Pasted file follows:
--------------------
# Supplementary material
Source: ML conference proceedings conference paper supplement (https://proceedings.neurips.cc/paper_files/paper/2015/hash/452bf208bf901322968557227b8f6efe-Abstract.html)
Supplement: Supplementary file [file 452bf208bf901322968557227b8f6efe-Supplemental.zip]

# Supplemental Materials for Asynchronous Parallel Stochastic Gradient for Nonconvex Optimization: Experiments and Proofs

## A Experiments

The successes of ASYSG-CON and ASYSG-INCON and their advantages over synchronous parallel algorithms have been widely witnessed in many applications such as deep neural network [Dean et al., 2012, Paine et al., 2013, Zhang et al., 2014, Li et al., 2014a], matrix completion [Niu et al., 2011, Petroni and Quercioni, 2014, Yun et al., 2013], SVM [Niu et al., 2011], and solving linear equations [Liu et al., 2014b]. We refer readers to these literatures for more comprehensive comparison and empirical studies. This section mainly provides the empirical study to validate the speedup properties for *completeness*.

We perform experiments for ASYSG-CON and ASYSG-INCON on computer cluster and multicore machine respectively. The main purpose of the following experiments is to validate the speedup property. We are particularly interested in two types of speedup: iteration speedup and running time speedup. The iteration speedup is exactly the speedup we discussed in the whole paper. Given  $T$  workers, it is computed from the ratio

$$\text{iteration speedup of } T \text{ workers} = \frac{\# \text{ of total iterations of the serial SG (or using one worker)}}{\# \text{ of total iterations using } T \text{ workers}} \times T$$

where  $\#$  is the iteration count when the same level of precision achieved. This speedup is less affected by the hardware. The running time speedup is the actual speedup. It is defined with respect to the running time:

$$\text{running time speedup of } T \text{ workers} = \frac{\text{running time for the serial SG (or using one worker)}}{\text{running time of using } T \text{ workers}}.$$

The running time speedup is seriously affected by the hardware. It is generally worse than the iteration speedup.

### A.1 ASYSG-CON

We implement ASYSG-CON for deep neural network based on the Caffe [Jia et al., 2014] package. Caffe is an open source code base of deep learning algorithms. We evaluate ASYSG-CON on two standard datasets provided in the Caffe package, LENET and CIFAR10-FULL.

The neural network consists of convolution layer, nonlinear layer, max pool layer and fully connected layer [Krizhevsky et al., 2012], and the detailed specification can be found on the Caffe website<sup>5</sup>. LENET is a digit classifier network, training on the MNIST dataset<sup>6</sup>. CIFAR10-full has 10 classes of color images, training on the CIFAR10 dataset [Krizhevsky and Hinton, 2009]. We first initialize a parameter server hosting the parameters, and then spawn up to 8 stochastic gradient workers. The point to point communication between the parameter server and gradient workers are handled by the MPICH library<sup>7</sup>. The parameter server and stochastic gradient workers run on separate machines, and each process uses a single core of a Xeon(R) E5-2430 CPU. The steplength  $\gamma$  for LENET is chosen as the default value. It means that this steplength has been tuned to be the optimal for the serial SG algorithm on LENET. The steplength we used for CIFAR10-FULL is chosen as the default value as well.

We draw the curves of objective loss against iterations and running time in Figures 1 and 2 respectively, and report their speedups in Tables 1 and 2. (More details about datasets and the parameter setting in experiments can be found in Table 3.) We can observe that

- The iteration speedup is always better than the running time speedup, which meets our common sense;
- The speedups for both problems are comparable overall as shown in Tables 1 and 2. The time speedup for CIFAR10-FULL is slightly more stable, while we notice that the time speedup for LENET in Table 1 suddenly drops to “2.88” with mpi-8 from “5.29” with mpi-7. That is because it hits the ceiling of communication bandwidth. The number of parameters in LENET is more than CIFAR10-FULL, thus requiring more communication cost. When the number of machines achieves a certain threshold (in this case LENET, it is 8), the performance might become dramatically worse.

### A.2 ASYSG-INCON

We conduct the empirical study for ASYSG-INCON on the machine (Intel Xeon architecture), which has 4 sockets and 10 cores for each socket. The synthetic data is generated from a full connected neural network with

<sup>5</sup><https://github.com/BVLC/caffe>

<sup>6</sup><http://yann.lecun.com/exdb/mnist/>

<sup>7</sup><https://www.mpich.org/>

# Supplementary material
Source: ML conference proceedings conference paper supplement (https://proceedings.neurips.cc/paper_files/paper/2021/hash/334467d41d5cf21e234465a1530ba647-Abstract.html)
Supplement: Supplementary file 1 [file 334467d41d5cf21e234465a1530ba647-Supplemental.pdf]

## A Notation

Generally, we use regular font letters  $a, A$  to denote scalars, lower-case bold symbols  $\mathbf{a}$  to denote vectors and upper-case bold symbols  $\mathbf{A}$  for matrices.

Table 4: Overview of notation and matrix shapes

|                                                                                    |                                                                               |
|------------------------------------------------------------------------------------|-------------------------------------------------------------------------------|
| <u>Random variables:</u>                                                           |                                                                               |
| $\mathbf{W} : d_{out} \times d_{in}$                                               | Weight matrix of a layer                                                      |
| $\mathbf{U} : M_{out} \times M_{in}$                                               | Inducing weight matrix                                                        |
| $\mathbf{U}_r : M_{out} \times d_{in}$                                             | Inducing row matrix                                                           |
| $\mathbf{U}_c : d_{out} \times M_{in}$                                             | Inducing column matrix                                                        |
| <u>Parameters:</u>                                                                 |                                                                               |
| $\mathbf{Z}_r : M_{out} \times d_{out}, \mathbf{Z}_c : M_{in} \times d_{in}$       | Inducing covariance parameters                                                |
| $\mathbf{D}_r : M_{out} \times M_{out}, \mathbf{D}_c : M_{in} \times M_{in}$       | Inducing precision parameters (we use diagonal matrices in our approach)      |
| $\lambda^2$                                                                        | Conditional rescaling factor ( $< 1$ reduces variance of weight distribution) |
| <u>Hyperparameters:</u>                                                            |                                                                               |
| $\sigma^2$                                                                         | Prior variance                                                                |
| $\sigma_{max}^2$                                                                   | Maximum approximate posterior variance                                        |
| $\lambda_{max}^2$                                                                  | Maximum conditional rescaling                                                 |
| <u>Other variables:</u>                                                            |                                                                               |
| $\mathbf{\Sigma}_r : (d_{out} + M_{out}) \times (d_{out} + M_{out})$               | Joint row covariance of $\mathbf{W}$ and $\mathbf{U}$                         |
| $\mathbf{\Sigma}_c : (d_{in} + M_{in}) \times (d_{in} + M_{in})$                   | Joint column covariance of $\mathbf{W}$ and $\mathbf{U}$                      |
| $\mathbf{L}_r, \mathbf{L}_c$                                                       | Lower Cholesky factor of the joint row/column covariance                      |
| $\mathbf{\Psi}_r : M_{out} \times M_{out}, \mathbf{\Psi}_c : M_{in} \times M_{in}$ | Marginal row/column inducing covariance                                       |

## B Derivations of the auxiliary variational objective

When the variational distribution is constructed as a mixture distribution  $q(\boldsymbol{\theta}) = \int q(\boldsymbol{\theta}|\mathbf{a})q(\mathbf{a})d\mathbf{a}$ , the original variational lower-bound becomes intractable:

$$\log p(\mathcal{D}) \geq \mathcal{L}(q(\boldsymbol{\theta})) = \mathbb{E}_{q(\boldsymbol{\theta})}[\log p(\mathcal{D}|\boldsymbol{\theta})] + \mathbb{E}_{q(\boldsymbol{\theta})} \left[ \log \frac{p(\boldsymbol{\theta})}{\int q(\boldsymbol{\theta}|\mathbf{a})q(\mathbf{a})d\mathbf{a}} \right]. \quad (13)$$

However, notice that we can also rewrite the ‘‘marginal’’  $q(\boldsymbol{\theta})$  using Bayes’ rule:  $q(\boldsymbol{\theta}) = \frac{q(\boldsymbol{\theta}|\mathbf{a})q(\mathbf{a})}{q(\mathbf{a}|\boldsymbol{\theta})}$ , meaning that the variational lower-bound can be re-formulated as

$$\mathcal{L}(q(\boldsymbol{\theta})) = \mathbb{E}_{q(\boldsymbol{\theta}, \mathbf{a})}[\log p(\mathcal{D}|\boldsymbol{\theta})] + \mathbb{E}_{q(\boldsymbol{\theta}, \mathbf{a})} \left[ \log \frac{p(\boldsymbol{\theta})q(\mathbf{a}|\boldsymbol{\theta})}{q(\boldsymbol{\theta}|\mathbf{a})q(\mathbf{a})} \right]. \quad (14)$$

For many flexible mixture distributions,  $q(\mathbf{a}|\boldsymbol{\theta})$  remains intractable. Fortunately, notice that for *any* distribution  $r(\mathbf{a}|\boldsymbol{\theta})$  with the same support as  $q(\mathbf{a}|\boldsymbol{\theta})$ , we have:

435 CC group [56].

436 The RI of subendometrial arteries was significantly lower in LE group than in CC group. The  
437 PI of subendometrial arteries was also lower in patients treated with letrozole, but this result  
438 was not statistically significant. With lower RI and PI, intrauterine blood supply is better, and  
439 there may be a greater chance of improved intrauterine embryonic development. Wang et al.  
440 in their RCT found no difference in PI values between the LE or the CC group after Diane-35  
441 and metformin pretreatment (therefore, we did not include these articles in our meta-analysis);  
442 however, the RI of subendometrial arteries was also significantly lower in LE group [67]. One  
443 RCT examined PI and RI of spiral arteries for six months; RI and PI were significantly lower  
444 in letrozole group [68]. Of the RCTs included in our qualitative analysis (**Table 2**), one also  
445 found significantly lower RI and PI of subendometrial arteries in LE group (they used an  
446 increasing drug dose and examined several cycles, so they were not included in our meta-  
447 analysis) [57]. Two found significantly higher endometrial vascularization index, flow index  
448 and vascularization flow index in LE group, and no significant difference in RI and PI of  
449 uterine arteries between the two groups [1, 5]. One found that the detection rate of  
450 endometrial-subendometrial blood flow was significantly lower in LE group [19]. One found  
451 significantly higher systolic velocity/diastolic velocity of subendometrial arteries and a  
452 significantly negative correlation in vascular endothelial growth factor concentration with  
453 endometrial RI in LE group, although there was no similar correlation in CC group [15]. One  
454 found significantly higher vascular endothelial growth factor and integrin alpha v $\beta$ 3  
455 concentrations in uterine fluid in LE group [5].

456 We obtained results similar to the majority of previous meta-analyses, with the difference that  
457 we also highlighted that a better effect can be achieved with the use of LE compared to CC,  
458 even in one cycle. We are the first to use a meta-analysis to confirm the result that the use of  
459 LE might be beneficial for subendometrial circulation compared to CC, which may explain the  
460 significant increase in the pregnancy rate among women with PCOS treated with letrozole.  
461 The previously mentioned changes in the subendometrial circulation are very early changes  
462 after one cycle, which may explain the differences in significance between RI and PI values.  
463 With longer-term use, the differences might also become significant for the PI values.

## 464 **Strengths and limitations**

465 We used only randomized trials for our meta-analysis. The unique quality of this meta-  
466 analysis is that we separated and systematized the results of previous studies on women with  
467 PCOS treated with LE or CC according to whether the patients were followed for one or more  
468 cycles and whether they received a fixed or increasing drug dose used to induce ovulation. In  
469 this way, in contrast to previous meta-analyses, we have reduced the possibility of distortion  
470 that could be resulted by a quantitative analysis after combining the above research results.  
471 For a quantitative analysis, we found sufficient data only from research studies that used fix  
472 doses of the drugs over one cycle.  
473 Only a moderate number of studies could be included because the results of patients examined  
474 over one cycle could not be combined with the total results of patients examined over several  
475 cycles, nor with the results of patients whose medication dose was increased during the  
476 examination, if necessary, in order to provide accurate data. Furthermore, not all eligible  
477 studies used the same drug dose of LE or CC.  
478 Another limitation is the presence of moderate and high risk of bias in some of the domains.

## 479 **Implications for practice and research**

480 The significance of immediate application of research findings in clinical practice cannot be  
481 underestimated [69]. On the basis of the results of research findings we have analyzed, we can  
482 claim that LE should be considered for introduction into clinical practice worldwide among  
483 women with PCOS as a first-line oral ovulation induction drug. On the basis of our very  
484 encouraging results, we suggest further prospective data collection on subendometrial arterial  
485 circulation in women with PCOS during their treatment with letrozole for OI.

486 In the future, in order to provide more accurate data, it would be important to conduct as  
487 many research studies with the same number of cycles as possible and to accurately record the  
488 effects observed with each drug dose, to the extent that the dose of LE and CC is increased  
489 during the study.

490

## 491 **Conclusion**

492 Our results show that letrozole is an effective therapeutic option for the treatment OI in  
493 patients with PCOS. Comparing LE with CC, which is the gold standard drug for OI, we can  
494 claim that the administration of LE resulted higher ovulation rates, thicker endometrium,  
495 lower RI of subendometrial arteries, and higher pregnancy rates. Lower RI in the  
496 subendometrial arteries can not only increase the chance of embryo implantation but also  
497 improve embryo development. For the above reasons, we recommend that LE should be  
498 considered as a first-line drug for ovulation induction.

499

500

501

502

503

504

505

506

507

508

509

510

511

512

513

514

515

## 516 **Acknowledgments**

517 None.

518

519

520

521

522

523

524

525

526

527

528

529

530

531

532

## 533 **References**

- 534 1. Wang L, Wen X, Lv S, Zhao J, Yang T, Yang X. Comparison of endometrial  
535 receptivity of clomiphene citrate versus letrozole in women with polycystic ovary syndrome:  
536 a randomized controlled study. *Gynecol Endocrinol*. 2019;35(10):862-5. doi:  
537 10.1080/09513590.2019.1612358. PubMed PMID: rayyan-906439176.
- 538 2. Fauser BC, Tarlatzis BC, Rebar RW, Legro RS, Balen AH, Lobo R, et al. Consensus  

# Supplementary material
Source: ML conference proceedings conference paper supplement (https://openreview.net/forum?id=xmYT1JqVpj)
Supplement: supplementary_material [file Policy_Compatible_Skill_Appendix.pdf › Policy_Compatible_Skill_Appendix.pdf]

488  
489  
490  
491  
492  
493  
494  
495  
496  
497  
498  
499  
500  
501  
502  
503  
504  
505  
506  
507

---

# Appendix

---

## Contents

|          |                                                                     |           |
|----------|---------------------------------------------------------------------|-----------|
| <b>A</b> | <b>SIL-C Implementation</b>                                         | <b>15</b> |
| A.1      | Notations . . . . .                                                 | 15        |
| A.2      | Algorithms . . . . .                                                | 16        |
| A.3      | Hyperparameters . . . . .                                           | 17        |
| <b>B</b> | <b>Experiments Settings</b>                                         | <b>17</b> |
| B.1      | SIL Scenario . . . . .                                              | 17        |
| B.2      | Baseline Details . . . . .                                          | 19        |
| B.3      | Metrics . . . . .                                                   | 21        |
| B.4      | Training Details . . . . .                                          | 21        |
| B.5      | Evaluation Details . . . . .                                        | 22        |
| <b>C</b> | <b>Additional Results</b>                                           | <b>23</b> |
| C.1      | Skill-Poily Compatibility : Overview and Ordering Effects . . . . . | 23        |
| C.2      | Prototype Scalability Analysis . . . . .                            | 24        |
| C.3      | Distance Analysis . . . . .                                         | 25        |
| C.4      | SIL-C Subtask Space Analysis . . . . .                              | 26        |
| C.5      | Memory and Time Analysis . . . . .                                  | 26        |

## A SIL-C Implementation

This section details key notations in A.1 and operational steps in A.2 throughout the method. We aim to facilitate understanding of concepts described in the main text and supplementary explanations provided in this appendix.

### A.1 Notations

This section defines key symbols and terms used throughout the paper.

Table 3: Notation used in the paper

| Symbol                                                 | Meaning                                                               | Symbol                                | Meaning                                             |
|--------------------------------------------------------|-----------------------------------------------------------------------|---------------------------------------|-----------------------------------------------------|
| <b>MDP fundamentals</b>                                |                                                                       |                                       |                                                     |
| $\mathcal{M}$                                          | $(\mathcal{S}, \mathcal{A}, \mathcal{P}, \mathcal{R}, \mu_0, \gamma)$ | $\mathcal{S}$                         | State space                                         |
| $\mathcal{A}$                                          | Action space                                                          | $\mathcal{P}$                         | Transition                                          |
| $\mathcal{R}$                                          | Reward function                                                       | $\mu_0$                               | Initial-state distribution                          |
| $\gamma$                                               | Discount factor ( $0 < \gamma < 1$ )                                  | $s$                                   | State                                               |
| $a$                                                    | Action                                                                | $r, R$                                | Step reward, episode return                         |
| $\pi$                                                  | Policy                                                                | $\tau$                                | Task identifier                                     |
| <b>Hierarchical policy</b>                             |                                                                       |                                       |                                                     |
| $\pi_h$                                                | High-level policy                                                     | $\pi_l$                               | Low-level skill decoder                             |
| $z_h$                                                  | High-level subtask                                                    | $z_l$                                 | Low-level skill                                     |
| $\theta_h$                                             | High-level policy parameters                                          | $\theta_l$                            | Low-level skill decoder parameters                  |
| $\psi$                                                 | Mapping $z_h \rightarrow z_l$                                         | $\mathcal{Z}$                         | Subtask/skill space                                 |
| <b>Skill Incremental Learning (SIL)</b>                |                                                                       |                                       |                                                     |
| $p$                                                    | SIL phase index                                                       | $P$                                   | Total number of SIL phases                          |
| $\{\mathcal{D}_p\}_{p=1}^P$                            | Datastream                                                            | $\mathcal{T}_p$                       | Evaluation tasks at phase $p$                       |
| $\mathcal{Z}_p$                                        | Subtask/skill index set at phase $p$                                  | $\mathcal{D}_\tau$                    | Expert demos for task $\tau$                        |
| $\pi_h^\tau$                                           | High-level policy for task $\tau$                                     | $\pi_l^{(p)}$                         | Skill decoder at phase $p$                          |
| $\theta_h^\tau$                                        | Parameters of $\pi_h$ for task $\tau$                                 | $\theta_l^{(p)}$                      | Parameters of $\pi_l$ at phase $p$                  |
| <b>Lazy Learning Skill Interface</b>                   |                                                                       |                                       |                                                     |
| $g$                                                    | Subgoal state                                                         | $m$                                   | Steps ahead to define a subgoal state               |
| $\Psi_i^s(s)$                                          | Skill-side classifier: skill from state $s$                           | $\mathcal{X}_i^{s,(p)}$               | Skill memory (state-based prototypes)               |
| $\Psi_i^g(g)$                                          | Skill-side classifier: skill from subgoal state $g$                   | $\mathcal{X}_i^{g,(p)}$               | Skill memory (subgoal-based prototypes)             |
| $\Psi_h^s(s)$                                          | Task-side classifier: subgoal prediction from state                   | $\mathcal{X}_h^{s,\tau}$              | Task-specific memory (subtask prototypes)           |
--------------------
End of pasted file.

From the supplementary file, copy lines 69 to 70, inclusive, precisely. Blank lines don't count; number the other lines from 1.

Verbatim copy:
449 uterine arteries between the two groups [1, 5]. One found that the detection rate of  
450 endometrial-subendometrial blood flow was significantly lower in LE group [19]. One found  